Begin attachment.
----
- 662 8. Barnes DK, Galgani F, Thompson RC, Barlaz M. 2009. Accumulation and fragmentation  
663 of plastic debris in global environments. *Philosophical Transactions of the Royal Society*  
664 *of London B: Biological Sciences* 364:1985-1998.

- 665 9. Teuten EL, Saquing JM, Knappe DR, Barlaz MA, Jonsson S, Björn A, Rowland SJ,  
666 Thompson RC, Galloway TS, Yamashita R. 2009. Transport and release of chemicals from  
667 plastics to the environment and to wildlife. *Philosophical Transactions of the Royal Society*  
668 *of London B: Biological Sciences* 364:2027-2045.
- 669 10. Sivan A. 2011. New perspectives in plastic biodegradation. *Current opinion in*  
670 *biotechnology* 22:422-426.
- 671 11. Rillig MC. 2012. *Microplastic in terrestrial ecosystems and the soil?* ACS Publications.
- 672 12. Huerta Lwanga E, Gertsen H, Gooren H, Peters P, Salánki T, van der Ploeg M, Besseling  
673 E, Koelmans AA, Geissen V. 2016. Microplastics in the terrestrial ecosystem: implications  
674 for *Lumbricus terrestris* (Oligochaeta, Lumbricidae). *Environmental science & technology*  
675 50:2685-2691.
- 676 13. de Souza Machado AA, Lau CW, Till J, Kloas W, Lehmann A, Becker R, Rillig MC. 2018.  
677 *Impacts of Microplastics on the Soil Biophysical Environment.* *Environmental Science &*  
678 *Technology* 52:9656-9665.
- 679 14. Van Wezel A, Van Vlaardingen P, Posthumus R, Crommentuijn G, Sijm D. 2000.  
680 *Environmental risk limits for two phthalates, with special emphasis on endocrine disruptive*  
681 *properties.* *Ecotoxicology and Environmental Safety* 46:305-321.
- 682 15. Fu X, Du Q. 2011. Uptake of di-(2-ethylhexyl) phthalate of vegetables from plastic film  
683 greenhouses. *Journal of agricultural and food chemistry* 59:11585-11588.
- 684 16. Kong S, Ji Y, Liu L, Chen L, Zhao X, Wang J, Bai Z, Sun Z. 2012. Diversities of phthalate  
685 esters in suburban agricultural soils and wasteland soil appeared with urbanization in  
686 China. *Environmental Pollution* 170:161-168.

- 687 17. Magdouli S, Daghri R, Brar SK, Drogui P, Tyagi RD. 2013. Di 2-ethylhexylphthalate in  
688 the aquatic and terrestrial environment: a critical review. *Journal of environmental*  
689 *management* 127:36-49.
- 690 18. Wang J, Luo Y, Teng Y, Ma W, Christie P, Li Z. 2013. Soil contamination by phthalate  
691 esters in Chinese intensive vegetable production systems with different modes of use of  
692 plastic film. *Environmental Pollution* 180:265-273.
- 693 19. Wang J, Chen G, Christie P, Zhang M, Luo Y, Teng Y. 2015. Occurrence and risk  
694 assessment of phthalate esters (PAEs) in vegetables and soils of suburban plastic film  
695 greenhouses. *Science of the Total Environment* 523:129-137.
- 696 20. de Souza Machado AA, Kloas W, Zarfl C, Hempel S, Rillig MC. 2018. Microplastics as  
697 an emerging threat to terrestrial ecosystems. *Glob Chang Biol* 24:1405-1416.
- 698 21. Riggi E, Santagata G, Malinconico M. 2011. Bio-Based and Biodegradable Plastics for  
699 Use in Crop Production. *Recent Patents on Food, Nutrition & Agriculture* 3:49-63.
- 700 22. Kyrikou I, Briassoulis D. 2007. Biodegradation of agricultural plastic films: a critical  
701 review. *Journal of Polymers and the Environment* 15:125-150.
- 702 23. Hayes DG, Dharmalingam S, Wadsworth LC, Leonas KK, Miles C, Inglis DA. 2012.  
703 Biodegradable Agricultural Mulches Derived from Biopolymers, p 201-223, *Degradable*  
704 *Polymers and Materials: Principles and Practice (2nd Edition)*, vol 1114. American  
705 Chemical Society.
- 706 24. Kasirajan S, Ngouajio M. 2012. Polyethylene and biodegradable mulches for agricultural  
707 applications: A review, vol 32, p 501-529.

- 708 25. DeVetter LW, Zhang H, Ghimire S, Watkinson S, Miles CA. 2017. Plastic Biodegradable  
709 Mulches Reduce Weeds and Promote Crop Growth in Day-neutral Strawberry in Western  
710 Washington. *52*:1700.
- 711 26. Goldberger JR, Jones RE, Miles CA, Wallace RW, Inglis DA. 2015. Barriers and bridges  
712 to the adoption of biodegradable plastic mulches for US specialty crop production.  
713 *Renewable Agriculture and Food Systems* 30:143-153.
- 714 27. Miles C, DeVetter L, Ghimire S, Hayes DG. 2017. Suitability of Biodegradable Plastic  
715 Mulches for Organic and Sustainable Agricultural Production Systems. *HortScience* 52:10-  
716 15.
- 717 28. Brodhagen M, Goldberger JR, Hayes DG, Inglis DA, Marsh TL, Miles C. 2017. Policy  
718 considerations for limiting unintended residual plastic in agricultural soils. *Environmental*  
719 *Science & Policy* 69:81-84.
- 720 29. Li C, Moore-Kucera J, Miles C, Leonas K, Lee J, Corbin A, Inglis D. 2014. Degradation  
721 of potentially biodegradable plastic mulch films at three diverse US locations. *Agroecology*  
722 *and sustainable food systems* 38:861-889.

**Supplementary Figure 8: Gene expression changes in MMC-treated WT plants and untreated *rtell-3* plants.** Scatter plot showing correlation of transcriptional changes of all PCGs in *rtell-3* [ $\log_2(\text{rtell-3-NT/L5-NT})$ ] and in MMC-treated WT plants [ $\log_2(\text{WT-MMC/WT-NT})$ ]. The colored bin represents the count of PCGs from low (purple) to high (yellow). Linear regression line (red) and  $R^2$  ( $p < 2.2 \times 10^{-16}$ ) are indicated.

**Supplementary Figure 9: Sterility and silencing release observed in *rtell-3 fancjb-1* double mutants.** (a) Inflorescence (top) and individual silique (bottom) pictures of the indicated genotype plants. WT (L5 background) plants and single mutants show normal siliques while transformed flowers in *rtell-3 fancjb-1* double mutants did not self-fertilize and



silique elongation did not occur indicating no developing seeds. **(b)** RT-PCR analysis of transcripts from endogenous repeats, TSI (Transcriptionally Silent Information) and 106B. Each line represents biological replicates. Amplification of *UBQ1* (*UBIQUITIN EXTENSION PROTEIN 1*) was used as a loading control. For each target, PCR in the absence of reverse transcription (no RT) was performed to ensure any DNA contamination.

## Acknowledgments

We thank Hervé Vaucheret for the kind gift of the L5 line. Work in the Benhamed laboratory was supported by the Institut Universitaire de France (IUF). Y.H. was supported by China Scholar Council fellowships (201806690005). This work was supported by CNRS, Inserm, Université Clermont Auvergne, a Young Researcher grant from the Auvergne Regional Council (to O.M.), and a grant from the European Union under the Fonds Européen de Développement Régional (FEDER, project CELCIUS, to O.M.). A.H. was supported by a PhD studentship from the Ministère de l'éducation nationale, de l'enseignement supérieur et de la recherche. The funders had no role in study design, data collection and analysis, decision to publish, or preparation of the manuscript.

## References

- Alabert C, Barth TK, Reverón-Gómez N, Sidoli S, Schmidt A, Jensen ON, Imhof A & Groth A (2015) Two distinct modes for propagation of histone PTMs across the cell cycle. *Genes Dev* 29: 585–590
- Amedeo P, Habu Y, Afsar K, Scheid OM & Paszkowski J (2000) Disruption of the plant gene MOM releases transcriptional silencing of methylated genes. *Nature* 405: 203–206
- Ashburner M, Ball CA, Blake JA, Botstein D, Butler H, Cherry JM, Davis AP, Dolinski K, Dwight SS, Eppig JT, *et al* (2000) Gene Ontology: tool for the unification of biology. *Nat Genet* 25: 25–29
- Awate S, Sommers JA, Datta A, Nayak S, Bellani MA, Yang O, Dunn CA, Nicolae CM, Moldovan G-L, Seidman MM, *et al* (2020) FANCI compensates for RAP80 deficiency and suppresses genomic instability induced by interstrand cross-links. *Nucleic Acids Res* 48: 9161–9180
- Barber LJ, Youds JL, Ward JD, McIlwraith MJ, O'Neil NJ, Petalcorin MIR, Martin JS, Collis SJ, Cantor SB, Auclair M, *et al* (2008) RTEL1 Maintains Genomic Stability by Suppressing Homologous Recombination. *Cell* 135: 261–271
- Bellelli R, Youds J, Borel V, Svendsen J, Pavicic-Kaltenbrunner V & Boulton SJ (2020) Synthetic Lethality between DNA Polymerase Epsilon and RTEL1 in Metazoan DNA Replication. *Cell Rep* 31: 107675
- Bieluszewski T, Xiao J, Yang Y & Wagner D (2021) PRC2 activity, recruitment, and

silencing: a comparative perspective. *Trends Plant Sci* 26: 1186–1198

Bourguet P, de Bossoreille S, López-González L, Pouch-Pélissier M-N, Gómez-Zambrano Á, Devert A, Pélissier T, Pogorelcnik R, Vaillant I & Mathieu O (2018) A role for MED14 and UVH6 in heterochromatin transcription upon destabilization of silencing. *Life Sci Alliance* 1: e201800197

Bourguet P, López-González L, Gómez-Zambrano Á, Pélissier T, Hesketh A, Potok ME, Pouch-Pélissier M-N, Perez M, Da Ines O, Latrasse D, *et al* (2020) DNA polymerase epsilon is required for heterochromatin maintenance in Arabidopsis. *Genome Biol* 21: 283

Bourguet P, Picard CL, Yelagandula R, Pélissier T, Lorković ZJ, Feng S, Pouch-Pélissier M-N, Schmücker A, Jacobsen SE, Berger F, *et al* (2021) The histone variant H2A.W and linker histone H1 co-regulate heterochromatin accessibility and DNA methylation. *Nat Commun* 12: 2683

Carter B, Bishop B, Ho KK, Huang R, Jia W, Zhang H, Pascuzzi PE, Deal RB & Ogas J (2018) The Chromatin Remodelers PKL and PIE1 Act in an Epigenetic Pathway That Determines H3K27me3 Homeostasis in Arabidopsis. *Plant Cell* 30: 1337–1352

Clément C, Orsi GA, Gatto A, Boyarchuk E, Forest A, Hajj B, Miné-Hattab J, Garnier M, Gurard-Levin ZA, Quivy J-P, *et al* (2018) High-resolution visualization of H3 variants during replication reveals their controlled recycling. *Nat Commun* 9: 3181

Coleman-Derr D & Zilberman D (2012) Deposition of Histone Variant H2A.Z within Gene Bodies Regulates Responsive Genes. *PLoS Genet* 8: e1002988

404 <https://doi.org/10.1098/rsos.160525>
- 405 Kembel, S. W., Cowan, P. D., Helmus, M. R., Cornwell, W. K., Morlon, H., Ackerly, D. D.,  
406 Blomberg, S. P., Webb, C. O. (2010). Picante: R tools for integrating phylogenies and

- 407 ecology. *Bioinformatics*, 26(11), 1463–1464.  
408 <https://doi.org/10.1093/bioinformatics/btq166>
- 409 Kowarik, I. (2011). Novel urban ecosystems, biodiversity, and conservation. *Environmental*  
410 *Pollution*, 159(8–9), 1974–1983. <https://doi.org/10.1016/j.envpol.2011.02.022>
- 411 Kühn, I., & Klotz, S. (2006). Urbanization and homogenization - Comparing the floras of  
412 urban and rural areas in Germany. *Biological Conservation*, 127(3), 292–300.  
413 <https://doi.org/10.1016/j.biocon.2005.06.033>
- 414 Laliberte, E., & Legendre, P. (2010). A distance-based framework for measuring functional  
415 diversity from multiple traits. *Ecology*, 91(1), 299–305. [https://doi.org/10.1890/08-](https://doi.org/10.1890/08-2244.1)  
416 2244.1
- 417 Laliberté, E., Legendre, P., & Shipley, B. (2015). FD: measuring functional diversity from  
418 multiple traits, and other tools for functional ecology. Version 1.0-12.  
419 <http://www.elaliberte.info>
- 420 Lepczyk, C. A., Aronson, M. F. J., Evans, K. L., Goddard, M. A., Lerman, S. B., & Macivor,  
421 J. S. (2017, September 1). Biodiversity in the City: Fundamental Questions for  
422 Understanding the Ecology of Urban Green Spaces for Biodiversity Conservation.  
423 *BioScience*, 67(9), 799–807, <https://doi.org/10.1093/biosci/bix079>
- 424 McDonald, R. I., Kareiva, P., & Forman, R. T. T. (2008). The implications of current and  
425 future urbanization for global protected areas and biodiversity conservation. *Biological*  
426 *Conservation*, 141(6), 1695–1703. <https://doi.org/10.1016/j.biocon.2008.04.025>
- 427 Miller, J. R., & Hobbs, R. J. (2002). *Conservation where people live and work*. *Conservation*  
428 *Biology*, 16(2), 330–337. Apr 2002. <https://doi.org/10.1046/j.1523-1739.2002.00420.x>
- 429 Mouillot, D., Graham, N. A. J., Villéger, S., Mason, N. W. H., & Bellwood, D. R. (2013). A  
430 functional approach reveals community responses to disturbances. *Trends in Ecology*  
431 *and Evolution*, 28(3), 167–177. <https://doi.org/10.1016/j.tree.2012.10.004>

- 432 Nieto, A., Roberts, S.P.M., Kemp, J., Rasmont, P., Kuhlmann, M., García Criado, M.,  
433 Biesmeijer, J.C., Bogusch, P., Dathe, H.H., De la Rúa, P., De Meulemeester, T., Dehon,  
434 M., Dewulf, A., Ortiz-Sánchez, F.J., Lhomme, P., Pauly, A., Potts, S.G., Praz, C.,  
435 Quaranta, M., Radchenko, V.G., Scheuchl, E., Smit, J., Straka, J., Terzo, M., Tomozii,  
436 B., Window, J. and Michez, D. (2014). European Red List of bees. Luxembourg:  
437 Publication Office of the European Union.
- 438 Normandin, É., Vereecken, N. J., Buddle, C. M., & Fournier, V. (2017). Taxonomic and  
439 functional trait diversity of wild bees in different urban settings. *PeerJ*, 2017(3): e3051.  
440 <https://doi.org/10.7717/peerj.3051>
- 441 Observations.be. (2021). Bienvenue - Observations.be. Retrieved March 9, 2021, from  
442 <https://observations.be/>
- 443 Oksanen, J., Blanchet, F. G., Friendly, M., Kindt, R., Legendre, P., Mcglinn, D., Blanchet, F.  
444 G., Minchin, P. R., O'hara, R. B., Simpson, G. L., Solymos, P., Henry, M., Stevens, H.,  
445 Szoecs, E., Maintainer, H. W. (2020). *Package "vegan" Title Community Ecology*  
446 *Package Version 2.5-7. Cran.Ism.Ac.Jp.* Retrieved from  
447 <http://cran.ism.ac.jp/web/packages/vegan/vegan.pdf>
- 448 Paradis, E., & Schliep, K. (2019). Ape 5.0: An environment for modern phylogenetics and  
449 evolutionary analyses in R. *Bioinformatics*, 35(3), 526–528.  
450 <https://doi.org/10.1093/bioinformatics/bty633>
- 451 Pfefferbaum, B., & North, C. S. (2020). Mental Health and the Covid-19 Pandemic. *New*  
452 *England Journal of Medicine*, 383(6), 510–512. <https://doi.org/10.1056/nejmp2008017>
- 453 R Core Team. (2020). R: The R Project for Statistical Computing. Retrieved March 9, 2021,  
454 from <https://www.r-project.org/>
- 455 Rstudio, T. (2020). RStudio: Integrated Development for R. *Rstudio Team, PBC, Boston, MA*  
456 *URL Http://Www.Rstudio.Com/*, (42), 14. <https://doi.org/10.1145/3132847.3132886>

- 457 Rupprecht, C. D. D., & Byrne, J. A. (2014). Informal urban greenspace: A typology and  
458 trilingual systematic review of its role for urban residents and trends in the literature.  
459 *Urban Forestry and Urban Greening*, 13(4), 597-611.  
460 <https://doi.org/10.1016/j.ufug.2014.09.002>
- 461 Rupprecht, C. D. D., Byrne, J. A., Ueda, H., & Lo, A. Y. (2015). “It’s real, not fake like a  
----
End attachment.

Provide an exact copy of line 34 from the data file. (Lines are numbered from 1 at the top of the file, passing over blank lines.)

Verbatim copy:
695 greenhouses. *Science of the Total Environment* 523:129-137.